Second, patentees may wish to identify, pursue, and assert sub-genus claim coverage to maintain functional claims of varying scope.
In Idenix Pharmaceuticals LLC v. Gilead Sciences Inc., 941 F.3d 1149, 1157-59 (Fed. Cir. 2019), the patentee argued that a POSA would “know to ‘take into account the patent as a whole’ to focus on a ‘significantly smaller’ set of candidate compounds.” But the CAFC held that the enablement inquiry “considers the scope of the claim as written, not just the subset of the claim that a POSA might practice. Importantly, therefore, sub-genus coverage on more narrow functions may significantly reduce the amount of experimentation required to support the claims.
Third, patentees may wish to focus on patents with guidance concerning how to predict which categories of candidates satisfy claimed functional limitations.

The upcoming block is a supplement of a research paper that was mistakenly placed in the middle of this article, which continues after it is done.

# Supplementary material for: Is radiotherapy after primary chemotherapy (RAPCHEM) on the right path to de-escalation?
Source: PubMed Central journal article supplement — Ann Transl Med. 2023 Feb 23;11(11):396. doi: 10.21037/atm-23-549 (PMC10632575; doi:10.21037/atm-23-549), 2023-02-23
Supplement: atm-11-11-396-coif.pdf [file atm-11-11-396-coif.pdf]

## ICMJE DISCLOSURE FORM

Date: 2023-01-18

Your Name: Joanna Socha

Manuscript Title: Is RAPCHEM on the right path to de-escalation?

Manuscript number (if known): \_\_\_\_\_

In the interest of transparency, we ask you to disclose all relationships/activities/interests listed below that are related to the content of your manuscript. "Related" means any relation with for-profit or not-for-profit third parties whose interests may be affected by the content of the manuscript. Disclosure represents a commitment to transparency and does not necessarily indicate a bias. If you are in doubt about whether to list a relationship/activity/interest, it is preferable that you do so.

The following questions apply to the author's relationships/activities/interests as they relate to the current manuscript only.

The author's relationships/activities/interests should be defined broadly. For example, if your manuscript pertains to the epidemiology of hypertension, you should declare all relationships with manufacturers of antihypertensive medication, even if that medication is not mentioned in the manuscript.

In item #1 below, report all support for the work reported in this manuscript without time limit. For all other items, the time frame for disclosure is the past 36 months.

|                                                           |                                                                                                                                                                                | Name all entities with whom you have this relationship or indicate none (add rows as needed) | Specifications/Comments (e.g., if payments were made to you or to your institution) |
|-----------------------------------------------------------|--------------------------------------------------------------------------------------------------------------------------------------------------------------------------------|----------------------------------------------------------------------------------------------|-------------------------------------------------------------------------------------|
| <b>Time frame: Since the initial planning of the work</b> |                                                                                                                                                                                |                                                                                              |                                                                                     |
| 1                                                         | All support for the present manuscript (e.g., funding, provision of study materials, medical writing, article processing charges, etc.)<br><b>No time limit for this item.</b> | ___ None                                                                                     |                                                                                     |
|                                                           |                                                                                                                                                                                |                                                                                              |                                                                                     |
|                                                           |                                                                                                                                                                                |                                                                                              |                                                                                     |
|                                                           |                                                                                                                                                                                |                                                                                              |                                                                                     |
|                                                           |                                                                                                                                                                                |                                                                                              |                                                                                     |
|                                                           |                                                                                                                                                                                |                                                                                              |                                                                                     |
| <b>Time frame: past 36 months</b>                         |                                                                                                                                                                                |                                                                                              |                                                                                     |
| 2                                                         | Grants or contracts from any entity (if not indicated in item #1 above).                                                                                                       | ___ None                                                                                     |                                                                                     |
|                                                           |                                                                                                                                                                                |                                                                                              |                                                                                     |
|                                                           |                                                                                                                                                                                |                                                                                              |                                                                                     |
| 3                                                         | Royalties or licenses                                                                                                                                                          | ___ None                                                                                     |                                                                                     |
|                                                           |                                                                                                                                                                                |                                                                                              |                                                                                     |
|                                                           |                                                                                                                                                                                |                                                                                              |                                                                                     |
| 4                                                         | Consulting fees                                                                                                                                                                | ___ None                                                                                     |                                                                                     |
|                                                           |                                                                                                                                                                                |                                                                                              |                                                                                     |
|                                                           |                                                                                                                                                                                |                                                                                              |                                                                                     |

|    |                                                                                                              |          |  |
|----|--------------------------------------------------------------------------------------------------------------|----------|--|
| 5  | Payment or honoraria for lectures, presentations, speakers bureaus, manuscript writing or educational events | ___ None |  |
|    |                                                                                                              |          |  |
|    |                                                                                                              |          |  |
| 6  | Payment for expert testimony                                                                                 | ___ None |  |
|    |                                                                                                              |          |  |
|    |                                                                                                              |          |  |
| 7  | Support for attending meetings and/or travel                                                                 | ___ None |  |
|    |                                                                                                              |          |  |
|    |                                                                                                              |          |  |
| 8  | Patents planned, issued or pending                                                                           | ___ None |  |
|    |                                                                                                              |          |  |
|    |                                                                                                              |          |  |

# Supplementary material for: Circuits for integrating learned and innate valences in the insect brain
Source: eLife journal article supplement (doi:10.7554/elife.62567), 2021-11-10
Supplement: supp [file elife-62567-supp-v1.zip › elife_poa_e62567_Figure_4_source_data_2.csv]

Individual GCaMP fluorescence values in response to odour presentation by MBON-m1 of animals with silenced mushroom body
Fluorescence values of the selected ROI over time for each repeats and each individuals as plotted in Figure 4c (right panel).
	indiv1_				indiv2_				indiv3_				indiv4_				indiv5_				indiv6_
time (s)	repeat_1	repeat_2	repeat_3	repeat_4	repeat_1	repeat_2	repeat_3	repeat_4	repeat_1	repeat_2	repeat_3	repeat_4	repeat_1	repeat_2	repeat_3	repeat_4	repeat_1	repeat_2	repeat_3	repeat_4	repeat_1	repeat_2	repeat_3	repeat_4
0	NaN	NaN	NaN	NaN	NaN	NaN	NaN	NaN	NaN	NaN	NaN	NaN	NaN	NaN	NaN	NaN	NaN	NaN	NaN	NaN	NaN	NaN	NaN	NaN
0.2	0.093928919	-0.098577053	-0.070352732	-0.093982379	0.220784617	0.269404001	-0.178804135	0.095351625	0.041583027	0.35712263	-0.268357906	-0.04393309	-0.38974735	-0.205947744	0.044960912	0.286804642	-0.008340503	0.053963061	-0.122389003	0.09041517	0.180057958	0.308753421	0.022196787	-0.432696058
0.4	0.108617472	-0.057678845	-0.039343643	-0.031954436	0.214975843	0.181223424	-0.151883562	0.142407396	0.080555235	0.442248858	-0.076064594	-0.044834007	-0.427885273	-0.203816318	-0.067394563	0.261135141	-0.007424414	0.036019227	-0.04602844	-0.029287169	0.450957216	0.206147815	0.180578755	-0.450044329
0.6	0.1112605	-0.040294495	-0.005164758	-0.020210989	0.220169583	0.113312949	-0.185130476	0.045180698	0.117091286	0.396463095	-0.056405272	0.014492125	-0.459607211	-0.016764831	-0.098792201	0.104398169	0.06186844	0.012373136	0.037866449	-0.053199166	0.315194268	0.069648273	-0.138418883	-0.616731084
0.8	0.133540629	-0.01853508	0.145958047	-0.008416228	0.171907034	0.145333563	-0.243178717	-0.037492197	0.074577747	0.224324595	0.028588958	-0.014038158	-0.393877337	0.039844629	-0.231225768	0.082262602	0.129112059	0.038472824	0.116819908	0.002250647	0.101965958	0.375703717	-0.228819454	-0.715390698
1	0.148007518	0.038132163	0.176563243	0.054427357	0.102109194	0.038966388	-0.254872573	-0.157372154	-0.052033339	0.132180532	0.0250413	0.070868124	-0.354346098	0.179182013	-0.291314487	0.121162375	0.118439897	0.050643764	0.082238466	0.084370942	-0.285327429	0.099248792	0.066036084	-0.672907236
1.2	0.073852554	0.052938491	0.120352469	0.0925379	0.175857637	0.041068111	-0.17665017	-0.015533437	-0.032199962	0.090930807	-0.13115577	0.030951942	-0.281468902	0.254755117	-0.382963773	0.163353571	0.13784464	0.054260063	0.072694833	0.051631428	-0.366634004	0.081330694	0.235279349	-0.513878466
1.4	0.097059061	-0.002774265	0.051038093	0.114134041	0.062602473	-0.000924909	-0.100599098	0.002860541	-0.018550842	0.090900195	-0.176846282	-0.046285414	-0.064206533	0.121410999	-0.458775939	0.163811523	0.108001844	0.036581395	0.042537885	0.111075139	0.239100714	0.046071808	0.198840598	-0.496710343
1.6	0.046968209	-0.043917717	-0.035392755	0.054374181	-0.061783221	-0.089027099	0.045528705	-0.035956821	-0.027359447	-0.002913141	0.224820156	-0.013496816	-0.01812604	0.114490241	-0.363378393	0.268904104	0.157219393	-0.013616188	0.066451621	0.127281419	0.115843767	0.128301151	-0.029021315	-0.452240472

In Enzo Life Sciences, Inc. v. Roche Molecular Systems, 928 F.3d 1340, 1347 (Fed. Cir. 2019), the CAFC criticized the patentee because the “specification’s guidance as to how variables would or would not impact functionality was sparse.” While such guidance may not be possible in every case, patent prosecutors seeking broad functional claims can push their inventors in this regard and litigators can elect to assert claims most closely tied to such guidance.
If the CAFC reverses the trial judge’s non-enablement holding, the case could become a blueprint for functional claiming. That said, the enablement inquiry remains highly fact-specific and innovators will most likely continue to also include claims relying on novel structures as opposed to functions — and perhaps the claims suggested above.
Impact On Biosimilar Manufacturers
These broadly claimed patents may be subject to several invalidity arguments. Nevertheless, in some cases, these patents may also pose a hurdle for biosimilar developers to overcome in patent litigation or to invent around, all of which creates uncertainty on the launch date of a biosimilar in the market.